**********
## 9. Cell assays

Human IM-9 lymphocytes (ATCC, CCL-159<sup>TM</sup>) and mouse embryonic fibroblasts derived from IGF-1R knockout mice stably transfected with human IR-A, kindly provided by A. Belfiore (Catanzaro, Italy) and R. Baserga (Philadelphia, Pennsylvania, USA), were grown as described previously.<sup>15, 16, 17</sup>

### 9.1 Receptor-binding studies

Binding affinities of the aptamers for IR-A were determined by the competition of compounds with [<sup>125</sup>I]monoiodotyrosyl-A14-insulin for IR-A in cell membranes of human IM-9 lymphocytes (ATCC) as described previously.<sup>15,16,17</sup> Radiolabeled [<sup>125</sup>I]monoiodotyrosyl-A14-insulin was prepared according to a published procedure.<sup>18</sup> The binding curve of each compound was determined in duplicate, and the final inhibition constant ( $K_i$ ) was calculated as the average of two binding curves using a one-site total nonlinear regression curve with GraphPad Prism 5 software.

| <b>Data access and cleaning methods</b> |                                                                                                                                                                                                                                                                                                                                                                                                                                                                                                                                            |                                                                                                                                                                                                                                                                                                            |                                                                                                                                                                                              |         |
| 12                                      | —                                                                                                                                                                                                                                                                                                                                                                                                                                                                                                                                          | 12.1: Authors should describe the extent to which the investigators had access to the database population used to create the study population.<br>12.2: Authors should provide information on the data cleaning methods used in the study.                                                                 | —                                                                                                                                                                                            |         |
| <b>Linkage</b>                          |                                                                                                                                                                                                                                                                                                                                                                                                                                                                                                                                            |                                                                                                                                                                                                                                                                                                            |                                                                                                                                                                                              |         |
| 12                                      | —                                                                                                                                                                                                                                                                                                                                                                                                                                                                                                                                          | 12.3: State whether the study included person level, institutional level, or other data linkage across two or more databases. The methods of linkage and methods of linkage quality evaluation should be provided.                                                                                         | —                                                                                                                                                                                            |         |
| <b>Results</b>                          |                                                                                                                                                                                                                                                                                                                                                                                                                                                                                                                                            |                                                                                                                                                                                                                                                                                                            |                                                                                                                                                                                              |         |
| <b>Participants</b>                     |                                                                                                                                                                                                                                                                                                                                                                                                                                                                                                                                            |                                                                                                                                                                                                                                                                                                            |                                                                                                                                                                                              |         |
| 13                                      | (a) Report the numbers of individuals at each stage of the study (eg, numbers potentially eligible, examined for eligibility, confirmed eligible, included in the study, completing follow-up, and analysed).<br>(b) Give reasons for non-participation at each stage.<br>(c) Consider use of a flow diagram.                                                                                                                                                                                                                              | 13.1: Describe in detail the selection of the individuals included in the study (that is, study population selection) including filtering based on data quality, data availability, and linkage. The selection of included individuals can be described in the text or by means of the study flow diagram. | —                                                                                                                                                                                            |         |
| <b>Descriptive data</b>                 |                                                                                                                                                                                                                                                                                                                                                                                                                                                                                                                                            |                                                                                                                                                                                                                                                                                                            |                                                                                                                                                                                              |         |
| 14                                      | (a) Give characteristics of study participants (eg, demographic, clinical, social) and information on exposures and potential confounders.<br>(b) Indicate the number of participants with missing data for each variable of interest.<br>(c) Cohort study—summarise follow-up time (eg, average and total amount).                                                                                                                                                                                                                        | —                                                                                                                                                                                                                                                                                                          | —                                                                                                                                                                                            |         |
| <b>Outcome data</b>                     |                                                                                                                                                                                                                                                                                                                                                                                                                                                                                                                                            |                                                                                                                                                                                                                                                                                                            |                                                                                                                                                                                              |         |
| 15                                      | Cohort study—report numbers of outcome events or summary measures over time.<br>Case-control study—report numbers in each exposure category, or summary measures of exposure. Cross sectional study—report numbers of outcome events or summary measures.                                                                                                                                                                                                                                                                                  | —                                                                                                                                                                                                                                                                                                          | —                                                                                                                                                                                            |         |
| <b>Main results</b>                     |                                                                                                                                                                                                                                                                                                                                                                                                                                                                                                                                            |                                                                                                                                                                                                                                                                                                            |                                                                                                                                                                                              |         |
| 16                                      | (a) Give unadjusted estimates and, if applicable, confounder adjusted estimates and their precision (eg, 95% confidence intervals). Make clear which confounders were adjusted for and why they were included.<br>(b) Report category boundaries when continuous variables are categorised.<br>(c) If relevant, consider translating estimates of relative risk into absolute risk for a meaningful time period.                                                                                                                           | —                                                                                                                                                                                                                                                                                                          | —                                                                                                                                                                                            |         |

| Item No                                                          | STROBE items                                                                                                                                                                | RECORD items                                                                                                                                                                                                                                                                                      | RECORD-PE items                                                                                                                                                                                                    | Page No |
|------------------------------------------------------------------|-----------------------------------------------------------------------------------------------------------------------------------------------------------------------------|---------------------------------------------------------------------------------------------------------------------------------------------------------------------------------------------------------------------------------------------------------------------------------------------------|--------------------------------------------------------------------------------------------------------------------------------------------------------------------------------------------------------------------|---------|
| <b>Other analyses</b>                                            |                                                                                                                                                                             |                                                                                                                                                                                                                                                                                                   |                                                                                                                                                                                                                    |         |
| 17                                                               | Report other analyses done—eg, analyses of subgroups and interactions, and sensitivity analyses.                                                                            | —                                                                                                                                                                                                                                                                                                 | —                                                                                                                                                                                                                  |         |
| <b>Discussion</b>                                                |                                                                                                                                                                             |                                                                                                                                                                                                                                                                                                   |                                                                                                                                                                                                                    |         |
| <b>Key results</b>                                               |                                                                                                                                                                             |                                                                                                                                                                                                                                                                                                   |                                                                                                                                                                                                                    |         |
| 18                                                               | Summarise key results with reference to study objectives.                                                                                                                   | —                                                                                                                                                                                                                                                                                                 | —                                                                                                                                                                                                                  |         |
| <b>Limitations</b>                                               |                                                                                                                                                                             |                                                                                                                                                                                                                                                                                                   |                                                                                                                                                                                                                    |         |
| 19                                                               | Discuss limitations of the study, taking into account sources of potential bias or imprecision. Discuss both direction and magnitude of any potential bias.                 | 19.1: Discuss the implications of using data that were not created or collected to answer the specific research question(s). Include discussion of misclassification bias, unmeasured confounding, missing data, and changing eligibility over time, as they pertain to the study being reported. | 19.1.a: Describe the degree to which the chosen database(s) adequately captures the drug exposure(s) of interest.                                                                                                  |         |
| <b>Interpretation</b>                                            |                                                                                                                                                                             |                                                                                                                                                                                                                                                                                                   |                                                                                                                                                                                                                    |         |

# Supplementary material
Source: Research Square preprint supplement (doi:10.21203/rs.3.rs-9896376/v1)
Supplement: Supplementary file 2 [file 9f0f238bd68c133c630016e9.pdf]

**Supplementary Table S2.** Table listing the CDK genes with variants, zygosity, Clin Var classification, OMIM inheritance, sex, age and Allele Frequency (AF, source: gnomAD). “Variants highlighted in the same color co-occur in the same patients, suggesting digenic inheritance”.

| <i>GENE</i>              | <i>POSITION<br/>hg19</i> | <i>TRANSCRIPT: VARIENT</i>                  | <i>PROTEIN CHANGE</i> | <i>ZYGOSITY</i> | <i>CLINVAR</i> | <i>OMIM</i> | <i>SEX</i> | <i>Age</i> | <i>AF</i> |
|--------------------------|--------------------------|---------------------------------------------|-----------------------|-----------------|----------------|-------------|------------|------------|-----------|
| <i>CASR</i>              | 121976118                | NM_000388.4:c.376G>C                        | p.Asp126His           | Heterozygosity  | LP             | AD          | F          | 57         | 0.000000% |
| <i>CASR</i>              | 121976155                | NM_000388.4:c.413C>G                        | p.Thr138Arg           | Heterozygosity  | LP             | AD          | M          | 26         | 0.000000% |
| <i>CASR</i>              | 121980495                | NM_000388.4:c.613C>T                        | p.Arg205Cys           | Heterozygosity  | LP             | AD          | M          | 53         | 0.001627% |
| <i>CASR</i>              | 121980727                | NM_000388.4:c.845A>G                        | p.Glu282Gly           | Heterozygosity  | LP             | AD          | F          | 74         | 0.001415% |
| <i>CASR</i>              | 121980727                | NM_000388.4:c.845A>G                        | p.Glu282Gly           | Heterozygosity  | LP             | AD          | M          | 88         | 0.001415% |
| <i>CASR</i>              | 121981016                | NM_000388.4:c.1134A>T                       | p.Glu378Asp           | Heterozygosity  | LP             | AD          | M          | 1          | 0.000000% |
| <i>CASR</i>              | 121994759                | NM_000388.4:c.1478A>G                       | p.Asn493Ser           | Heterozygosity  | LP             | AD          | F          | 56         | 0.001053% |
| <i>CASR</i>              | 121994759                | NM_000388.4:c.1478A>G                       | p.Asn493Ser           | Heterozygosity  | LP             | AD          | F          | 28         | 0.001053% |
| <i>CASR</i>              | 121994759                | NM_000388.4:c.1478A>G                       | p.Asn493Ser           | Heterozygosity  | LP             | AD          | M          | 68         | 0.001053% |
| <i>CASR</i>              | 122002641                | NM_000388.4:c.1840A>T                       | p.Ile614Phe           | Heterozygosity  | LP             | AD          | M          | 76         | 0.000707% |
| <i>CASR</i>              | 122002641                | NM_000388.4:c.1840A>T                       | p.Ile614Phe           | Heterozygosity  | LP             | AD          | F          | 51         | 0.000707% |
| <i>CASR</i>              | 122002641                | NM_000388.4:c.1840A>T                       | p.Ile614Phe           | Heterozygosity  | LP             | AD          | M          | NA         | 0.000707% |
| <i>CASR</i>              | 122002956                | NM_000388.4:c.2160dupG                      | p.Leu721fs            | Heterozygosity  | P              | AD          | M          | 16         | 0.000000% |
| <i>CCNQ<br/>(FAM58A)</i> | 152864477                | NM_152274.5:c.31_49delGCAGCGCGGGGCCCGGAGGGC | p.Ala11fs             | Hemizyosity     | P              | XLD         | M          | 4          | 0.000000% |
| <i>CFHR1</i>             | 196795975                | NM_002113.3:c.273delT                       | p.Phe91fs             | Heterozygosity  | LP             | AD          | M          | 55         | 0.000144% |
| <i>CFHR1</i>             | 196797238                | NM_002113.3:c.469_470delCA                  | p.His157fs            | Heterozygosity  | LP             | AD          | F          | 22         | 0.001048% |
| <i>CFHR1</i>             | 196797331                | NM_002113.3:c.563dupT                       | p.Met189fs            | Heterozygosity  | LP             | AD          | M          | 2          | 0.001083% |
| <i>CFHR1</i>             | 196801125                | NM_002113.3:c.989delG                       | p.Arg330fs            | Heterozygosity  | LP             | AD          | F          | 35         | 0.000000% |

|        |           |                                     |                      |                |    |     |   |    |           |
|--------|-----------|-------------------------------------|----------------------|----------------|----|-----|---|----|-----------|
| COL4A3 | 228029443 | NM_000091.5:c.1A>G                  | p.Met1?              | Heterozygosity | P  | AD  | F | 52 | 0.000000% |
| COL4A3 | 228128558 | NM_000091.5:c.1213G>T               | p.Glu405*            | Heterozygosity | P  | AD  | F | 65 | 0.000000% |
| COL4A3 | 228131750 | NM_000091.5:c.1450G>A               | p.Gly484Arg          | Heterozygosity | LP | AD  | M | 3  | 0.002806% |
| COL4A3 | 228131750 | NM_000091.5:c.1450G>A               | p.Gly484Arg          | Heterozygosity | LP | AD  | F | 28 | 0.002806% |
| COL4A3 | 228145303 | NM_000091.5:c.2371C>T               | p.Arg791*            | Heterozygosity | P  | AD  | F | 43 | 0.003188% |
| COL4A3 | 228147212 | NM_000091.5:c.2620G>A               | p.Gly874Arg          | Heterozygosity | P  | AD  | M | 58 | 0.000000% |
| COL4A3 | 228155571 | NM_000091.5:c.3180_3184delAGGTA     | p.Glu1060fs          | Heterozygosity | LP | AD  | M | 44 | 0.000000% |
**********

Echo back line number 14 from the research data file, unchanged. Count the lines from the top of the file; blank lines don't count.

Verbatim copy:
| <b>Outcome data</b>                     |                                                                                                                                                                                                                                                                                                                                                                                                                                                                                                                                            |                                                                                                                                                                                                                                                                                                            |                                                                                                                                                                                              |         |